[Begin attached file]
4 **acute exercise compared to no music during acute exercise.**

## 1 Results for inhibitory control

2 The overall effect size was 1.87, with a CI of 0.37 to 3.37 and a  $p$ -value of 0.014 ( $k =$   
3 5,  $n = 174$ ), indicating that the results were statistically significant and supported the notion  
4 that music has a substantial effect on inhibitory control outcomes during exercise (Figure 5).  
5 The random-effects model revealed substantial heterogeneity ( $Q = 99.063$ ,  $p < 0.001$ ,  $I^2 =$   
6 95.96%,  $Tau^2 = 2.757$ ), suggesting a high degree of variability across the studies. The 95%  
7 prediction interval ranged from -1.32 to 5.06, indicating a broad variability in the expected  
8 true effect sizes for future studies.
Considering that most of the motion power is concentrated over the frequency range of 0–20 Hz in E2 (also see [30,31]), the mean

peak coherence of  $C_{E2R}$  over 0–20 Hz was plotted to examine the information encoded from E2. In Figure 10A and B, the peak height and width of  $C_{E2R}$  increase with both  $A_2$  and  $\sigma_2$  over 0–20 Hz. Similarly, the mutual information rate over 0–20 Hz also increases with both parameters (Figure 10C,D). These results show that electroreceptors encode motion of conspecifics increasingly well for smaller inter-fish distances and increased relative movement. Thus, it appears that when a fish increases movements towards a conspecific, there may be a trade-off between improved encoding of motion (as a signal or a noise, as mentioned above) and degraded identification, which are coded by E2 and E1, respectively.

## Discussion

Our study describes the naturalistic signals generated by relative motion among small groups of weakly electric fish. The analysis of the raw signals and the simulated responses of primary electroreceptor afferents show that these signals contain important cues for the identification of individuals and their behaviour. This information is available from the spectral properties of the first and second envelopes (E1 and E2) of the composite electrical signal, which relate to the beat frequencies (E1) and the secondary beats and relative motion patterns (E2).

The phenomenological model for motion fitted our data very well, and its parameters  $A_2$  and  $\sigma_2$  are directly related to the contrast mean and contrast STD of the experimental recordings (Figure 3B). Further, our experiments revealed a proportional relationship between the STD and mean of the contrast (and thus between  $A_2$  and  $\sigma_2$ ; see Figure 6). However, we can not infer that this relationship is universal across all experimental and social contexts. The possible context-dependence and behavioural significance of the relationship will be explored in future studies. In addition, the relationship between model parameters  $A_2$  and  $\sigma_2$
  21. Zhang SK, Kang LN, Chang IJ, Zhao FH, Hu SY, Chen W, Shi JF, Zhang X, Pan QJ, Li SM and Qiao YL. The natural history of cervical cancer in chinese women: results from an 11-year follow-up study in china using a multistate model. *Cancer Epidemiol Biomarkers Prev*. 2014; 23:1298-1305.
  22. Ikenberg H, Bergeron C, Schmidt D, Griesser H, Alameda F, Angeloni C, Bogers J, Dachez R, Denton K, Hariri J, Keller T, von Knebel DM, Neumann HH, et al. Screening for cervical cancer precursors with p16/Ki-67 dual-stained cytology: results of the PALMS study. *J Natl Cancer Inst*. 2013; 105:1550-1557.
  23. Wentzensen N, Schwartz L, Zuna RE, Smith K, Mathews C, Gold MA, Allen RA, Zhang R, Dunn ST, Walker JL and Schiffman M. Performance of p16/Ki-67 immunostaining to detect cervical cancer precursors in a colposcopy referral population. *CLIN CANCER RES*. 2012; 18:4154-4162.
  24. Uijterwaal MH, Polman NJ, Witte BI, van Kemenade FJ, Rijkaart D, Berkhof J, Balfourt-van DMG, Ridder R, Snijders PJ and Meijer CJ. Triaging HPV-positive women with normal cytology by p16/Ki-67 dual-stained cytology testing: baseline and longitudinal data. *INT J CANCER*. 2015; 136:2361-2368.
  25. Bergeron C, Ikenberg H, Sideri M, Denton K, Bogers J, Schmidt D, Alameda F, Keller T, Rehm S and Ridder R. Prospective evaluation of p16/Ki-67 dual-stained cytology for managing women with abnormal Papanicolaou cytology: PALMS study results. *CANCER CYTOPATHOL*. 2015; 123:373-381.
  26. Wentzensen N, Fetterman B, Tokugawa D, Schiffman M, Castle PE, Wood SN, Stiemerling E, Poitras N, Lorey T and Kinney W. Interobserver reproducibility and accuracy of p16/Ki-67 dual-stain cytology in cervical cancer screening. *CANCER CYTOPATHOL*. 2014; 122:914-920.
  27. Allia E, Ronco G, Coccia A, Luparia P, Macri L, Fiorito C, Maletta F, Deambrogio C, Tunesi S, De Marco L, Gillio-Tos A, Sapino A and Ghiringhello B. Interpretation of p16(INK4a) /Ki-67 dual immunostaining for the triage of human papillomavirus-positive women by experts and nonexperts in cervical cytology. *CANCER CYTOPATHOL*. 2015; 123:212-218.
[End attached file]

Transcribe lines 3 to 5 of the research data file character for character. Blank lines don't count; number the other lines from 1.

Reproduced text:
2 The overall effect size was 1.87, with a CI of 0.37 to 3.37 and a  $p$ -value of 0.014 ( $k =$   
3 5,  $n = 174$ ), indicating that the results were statistically significant and supported the notion  
4 that music has a substantial effect on inhibitory control outcomes during exercise (Figure 5).  